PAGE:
The common thread here is unknowability: we simply don’t know where, when or how these phenomena will play out. And in my experience, the thing in this world that markets hate and fear the most is uncertainty. We have no control over the uncertainty; we can and should have perfect control over how we respond to it.


Or, ideally, how we don’t respond. Because the last thing in the world that long-term, goal-focused investors like us do when the whole world is selling is – you guessed it again – sell. Indeed, I welcome your inquiries around the issue of putting cash to work.


On March 3, the erudite billionaire investor Howard Marks wrote, “It would be a lot to accept that the US business world – and the cash flows it will produce in the future – are worth 13% less today than they were on February 19.” How much more true this observation must be a week later, when they’re down 18%.


This too shall pass.

Perspective on coronavirus

After a spectacular 2019 for most diversified investors, this week’s S&P 500 index value appears to be on track for closing the week at a significant dip, and as of this writing represents an approx. 10% year to date dip.


We have therefore been invited by financial media to suspect that the blended value of 500 of the largest, best financed, most profitable businesses in America and the world has “lost” value – with more “losses” to come – due to the spread of a new strain of coronavirus that started in China.


Permit me to doubt this, and to suggest that you – as goal-focused long-term investors – join me in doubting it.  


I do not claim to have any idea how far this outbreak will spread, nor how many lives it will claim, before it is brought under control. I’m reasonably certain that many of the world’s leading virologists and epidemiologists are working on it, and I believe that their efforts will ultimately succeed. Clearly, this is nothing more (or less) than my personal opinion.


But if the rich history of similar outbreaks in this century is any guide, this would seem to be a reasonable hypothesis.


I draw your attention to:


  • SARS in 2003-04, also originating in China 

  • The bird flu epidemic in 2005-2006

  • In 2009, a new strain of swine flu

  • The Ebola outbreak in the autumn of 2014

  • The mosquito-borne Zika virus outbreak in 2016-17


    Without belaboring the point: the super-spreader of SARS – a fish seller – checked into a hospital in Guangzhou on January 31, 2003, basically infecting the whole staff. The epidemic exploded from there.  On that first day of the litany of epidemics cited above, the S&P 500 Index closed at 855.70. Seventeen years and six epidemics later (including the current one), yesterday’s Index closed fairly close to three and a half times higher. I’m confident that you see where I’m going with this.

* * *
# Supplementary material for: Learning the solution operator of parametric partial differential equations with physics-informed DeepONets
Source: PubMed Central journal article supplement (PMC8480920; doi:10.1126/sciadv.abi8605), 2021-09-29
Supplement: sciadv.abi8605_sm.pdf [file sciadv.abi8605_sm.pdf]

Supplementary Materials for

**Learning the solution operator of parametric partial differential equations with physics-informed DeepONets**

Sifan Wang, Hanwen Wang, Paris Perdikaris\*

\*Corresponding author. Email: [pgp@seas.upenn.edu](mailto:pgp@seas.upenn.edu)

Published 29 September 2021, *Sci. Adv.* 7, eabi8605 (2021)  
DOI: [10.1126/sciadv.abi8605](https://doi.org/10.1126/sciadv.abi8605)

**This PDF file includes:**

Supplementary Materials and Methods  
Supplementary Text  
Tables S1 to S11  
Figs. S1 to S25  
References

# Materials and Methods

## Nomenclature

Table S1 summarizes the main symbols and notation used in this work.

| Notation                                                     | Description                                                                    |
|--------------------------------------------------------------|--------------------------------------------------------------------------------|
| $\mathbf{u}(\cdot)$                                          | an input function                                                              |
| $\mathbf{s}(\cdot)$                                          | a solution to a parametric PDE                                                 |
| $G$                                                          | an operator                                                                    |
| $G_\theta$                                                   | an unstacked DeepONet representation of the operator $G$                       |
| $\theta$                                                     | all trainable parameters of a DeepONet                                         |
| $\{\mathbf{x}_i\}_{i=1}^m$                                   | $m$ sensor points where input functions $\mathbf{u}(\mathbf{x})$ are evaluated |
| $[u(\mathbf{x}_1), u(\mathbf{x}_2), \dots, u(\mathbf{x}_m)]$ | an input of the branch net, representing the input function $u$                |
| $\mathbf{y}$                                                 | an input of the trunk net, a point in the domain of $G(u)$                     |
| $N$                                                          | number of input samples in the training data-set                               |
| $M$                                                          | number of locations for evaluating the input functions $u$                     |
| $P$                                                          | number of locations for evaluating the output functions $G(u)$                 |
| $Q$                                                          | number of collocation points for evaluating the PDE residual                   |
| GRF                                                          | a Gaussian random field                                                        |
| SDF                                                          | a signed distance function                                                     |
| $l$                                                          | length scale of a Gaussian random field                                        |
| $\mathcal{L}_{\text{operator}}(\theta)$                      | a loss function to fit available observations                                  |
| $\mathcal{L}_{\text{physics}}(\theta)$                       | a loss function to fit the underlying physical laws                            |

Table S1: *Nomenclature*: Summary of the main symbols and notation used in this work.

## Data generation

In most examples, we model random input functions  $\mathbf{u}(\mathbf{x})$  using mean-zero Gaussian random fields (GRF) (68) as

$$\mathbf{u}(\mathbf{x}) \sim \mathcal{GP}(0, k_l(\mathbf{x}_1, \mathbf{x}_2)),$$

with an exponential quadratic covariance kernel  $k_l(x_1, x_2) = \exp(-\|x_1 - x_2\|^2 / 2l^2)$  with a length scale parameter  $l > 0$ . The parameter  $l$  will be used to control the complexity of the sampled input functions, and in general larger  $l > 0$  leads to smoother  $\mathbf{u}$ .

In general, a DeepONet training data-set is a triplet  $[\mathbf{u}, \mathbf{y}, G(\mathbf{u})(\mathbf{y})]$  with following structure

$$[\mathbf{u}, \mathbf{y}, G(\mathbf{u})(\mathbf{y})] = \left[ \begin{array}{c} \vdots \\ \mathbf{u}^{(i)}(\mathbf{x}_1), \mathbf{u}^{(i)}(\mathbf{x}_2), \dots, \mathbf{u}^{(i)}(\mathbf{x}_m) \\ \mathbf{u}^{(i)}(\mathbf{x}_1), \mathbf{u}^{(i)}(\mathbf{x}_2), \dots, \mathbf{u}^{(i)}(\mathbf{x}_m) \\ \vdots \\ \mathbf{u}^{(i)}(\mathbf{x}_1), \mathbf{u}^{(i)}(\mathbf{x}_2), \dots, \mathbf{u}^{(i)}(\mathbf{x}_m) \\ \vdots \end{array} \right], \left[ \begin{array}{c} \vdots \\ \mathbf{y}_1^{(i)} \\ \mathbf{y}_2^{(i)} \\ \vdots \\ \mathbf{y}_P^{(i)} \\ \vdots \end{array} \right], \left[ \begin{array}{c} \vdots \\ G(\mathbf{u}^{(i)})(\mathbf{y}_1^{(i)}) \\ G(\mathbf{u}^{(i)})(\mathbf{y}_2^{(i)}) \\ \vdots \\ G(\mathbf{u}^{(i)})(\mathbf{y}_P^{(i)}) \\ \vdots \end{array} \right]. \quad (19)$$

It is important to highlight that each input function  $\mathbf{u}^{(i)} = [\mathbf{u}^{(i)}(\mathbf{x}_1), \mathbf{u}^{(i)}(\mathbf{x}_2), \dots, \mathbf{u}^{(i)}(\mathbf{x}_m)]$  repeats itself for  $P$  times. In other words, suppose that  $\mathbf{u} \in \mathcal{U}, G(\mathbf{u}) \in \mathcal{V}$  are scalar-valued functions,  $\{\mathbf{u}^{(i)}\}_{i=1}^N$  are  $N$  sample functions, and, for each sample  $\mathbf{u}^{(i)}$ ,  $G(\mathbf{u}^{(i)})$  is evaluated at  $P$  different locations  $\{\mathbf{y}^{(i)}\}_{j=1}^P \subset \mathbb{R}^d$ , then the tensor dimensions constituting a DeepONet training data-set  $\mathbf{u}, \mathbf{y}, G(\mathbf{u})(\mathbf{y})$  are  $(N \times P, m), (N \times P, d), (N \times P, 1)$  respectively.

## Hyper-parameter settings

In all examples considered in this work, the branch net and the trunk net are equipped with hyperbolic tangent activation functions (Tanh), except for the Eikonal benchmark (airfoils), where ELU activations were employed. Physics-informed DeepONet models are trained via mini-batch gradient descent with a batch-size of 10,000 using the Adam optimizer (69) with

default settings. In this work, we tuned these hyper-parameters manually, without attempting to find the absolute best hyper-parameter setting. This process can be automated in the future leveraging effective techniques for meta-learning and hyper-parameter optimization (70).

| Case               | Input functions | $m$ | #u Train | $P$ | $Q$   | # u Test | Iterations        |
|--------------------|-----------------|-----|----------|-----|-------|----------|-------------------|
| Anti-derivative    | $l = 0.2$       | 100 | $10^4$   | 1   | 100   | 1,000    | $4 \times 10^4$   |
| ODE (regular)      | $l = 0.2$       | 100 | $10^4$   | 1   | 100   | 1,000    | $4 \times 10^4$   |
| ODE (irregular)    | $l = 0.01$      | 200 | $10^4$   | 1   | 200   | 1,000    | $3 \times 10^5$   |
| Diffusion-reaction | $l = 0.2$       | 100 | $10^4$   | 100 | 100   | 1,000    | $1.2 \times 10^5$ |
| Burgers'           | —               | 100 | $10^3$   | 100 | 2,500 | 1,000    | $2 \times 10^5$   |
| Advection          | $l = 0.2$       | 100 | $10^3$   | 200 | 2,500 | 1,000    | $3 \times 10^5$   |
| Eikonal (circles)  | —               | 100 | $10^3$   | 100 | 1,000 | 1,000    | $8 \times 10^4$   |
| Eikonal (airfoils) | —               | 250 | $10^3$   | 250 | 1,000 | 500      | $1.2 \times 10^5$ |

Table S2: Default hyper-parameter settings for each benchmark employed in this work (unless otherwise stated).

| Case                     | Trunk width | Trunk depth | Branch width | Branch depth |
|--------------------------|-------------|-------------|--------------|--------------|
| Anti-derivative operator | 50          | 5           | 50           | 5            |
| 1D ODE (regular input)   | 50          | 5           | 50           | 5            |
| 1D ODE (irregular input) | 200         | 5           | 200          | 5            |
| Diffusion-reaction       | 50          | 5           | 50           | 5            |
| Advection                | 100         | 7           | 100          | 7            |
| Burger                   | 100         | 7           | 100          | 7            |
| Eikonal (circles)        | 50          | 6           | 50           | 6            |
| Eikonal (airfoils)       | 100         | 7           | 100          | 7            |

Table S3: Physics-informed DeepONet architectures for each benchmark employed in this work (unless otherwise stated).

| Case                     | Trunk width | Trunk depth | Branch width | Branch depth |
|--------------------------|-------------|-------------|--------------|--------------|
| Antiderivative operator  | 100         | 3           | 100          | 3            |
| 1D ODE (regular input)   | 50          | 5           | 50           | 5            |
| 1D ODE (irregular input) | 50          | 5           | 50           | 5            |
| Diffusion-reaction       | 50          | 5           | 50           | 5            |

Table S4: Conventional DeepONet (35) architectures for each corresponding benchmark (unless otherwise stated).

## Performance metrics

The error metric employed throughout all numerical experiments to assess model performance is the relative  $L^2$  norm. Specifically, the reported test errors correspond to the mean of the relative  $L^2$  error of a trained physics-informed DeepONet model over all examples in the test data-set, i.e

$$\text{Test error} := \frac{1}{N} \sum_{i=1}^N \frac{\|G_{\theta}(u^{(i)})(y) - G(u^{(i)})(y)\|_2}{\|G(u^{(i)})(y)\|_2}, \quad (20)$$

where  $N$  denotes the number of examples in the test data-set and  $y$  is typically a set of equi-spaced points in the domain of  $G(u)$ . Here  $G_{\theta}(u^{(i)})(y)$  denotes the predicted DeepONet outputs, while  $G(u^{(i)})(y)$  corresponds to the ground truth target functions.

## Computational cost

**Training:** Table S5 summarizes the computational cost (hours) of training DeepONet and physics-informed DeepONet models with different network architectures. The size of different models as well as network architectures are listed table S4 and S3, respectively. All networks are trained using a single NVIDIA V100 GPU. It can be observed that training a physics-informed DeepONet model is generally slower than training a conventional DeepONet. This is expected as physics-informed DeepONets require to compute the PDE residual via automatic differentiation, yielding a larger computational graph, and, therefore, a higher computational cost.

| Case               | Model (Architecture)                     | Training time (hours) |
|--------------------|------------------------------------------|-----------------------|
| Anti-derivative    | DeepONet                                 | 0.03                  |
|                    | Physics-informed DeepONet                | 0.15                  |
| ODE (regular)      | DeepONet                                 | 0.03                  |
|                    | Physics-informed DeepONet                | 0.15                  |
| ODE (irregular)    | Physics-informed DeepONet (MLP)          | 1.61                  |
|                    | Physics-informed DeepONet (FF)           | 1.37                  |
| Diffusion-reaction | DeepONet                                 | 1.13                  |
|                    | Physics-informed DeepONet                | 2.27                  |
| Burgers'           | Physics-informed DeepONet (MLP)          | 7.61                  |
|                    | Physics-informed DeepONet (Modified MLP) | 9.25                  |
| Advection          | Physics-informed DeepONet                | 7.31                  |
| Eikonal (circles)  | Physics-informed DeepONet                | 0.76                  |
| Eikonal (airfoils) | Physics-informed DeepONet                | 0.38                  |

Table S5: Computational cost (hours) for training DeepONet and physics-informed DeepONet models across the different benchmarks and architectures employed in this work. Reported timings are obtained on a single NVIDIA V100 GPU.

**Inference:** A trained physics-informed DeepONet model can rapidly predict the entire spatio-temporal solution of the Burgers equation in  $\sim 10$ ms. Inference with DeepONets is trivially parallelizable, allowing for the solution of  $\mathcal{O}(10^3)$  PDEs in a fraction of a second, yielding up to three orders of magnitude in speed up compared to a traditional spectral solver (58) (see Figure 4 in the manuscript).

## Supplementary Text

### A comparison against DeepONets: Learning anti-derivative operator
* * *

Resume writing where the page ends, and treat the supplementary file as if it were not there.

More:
A couple points from Jeremy Siegel today, a well-respected Wharton school professor:

  • This is serious but limited – certainly not like the 2008 financial crisis.  No systemic problems in the financial area (i.e. will not freeze credit like during the financial crisis)

  • Long term uncertainly is not at all increased as a result of this virus

  • Probably no more than a one-year hit to earnings, so recovery could be swift


As always, our team welcomes your inquiries around this issue. In the meantime, I think the most helpful – and certainly most heartfelt – investment advice I can offer would be that you continue to focus long-term and not panic over a serious, but most likely limited financial event.


Stop watching the dog and keep your eye on the owner…

Stop watching the dog and keep your eye on the owner…

May 2019, by Mike Boyle, CFP®

As coaches, we are always on the lookout for teachable moments. In caring for hundreds of client households, we would be remiss if we didn’t acknowledge significant investment account value dips during the 4th quarter of 2018, and strong share price recovery through the end of April 2019. 

First a few facts:

  • The value of the S&P 500 index fell almost 20% at one point during the 4th quarter of 2018, and for the full calendar year was down about 4.4% (with reinvested dividends). Note: small cap domestic and international stock indices had a double-digit dip in 2018.